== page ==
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Problem:

I am trying to solve the following problem, but I couldn't. The problem is:

Let $U$ be unitary matrix. Let $P$ and $UP$ be orthogonal projections. Is it true that $U^{2}=P$? If yes, please show me how to prove it.

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What if $P=0$? Or what if the nullspace of $P$ has dimension at least $2$, and $U$ exchanges two orthonormal vectors in a given basis for $N(P)$? –  Arturo Magidin Apr 24 '12 at 3:49
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A very strange question. $U^2$ is also a unitary matrix, so it can't be $P$ unless $P = I$ (in which case $UP=U$ must also be $I$, because that's the only orthogonal projection that is unitary). For any other orthogonal projection $P$, you can get counterexamples by taking $U$ to be a unitary matrix for which $\text{Ran}(P)$ and $\text{Ker}(P)$ are invariant subspaces, with $Ux=x$ for $x \in \text{Ran}(P)$.

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Note that if $P=U^2$, then $P$ would be invertible; but since $P^2=P$ (being a projection) that would imply that $P=I$.

So the answer would be "yes" if and only if the only way for $P$ and $UP$ to both be orthogonal projections when $U$ is unitary would be for $P$ to be the identity.

This is never true, since we can always take $U=I$ no matter what $P$ is. And we can always take $P=0$, no matter what $U$ is. In neither case will it follow necessarily that $U^2=P$.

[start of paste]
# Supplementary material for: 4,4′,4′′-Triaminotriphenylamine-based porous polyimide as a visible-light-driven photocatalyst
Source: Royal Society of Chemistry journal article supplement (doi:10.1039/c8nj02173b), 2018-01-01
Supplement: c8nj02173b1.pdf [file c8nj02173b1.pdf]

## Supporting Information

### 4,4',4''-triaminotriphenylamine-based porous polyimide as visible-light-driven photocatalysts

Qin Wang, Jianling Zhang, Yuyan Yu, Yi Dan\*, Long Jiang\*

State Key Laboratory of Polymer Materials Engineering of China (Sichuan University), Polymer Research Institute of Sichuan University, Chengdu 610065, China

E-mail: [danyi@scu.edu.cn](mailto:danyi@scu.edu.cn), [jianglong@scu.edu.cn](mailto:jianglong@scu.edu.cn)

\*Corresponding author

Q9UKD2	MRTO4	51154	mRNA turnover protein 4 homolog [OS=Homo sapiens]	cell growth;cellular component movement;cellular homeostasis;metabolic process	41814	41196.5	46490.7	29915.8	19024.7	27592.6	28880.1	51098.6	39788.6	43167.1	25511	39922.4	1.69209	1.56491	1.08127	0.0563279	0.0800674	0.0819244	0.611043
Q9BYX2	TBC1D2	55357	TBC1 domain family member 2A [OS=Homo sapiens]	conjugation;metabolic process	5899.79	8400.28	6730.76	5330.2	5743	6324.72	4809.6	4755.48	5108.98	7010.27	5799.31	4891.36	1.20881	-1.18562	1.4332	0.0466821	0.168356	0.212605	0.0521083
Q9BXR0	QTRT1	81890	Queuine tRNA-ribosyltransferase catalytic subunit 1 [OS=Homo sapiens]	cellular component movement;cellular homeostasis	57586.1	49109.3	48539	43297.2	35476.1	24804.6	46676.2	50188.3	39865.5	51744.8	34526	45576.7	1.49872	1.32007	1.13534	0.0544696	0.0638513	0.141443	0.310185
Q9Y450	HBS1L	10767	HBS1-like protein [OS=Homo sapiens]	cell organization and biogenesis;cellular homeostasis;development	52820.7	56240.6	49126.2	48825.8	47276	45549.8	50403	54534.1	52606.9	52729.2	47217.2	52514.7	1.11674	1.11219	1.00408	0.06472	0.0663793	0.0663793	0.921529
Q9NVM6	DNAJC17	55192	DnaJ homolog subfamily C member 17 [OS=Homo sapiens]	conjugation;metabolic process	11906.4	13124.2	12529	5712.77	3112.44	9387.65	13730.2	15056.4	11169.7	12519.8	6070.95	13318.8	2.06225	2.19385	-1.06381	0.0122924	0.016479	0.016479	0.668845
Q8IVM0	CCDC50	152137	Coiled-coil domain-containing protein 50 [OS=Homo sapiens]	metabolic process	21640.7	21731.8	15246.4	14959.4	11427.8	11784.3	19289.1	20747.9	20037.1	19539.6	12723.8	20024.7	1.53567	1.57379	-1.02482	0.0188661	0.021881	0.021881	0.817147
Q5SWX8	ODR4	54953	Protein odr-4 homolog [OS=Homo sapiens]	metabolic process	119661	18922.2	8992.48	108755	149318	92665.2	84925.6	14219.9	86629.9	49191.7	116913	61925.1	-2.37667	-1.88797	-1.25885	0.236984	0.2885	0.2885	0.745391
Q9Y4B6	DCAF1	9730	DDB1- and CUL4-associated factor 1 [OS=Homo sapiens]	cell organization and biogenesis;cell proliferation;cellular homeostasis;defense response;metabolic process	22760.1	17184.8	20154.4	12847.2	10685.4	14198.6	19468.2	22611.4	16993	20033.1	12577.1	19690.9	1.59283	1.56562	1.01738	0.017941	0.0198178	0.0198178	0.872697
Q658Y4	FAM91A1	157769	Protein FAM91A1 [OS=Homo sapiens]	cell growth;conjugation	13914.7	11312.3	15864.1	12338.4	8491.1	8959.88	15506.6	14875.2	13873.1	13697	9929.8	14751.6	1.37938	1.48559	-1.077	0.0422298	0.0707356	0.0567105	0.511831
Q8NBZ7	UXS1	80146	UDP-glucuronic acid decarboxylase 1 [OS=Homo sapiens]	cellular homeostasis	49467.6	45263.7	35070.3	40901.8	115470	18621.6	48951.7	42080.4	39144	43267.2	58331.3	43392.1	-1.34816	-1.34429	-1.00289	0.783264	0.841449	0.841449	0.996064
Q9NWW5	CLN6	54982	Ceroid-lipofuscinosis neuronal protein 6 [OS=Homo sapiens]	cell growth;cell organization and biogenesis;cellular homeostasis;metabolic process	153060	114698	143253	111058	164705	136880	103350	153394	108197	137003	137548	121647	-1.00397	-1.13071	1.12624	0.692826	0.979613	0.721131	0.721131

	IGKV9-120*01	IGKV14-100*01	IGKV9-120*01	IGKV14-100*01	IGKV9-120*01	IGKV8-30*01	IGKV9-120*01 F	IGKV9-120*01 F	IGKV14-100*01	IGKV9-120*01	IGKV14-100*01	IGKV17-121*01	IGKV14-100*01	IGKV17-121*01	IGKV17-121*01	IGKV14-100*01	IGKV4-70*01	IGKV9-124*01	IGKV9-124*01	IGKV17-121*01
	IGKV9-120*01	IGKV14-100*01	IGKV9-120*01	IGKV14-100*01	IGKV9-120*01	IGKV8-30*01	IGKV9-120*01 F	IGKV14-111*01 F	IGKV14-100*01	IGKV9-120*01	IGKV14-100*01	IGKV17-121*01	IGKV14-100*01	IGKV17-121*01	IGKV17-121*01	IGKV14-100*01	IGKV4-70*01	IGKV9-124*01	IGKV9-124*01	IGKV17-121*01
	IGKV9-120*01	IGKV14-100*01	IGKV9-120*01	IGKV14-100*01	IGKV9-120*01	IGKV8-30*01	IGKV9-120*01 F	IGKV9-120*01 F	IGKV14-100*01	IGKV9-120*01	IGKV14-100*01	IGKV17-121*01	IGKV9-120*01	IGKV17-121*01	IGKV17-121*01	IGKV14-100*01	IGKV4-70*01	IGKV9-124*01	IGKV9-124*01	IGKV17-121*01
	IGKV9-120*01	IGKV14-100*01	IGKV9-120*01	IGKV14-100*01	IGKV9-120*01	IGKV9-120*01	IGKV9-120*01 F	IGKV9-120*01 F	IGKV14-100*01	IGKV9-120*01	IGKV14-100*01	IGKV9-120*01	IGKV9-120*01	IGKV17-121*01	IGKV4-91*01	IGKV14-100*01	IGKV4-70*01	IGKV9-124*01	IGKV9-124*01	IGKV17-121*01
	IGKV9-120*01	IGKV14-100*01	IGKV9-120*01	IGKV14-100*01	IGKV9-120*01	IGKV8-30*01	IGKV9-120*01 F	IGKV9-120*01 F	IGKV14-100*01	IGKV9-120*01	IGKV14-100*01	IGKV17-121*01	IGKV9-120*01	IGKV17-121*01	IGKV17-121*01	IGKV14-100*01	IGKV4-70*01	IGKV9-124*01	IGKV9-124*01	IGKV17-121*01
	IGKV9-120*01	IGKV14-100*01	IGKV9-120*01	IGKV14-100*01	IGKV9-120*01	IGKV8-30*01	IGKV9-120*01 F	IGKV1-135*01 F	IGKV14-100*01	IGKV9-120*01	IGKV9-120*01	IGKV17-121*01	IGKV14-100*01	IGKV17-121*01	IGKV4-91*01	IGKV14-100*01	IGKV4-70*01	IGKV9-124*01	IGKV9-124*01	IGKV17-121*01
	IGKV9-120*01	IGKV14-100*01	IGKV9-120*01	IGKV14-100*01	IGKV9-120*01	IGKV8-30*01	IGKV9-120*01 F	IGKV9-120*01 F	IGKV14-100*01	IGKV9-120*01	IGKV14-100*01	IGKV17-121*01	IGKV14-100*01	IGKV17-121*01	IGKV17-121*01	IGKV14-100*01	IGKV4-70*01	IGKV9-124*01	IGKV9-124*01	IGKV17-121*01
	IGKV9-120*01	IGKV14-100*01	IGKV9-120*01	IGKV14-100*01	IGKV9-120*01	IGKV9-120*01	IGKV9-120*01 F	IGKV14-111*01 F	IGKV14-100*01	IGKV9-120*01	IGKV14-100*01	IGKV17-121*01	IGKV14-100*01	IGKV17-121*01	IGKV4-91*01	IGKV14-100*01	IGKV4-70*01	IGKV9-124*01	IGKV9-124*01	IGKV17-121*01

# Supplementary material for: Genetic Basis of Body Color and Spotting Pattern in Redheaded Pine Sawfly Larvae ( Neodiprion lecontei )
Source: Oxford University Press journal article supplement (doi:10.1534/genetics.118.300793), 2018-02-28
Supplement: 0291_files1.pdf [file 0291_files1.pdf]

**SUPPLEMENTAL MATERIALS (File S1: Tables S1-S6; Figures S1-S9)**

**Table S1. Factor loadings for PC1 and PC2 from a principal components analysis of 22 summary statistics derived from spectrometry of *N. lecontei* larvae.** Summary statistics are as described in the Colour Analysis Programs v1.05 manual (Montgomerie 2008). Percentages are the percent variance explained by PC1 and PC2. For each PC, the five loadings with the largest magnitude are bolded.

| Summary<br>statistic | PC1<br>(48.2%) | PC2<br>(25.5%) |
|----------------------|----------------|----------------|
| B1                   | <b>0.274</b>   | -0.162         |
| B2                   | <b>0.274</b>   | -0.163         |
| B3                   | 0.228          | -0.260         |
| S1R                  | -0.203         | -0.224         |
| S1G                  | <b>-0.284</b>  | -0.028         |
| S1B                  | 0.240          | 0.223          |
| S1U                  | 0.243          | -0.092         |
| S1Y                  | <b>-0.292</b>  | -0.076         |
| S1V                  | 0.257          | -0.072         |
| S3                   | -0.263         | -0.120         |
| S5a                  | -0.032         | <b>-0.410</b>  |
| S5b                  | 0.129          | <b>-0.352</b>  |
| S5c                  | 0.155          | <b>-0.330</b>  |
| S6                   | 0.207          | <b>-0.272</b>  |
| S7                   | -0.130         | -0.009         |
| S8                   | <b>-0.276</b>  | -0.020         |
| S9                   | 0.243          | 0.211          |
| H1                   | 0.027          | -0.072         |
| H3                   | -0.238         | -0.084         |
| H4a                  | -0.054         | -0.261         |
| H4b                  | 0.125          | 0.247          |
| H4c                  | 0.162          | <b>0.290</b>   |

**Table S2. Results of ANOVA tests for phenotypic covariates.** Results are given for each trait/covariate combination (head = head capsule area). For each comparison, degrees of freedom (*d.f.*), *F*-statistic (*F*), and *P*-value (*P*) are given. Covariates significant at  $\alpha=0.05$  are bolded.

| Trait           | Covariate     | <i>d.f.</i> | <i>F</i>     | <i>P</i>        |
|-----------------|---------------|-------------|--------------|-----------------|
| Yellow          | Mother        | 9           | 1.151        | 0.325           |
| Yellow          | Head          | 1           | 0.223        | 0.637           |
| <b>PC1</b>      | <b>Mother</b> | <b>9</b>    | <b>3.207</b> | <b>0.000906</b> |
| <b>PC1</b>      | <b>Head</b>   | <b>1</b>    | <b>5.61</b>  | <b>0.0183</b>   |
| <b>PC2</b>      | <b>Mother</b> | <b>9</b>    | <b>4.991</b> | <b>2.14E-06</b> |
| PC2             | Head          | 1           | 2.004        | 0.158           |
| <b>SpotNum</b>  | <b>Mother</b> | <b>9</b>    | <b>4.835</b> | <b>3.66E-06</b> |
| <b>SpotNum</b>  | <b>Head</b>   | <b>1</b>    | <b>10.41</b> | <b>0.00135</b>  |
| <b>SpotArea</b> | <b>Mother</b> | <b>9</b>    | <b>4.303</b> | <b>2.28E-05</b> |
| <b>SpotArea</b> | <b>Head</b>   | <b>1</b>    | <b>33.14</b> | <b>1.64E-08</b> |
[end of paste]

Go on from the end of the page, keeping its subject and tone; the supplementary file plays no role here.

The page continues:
So let us make this a bit more interesting and add the assumption that $U\neq I$ and that $P\neq 0$. Will the implication hold then?

If $\dim(V)\geq 3$, this is not the case: let $P$ be an orthogonal projection with nullspace of dimension $2$. Let $\mathbf{e}_1,\mathbf{e}_2,\mathbf{e}_3,\ldots,\mathbf{e}_n$ be an orthonormal basis, where $\mathbf{e}_1,\mathbf{e}_2$ are basis for the nullspace, and $\mathbf{e}_3,\ldots,\mathbf{e}_n$ are a basis for the range. Then let $U$ be the linear transformation that exchanges $\mathbf{e}_1$ and $\mathbf{e}_2$, and leaves the rest of the vectors invariant. Then $UP=P$, but $P\neq U^2$, since $P$ is not invertible.

If $\dim(V)= 2$, then the result is still false: if $P\neq 0$, then $P$ is either similar to $P(x,y) = (x,0)$, or is the identity. If $P$ is (essentially) $P(x,y)=(x,0)$, then $UP$ must send $(0,y)$ to $(0,0)$ hence $\{(0,y)\}^{\perp} = \{(x,0)\}$ to itself; that is, $U$ must send $(1,0)$ to $(1,0)$, and must send $(0,1)$ to $(0,u)$ where $u$ is a unit of the underlying field. Either way, $U^2\neq P$.

If $\dim(V)=1$, then the only nonzero projection is the identity; the result will hold since $U$ must act like the identity on the image of $P$, hence if $P\neq 0$ then $U=P=I$.

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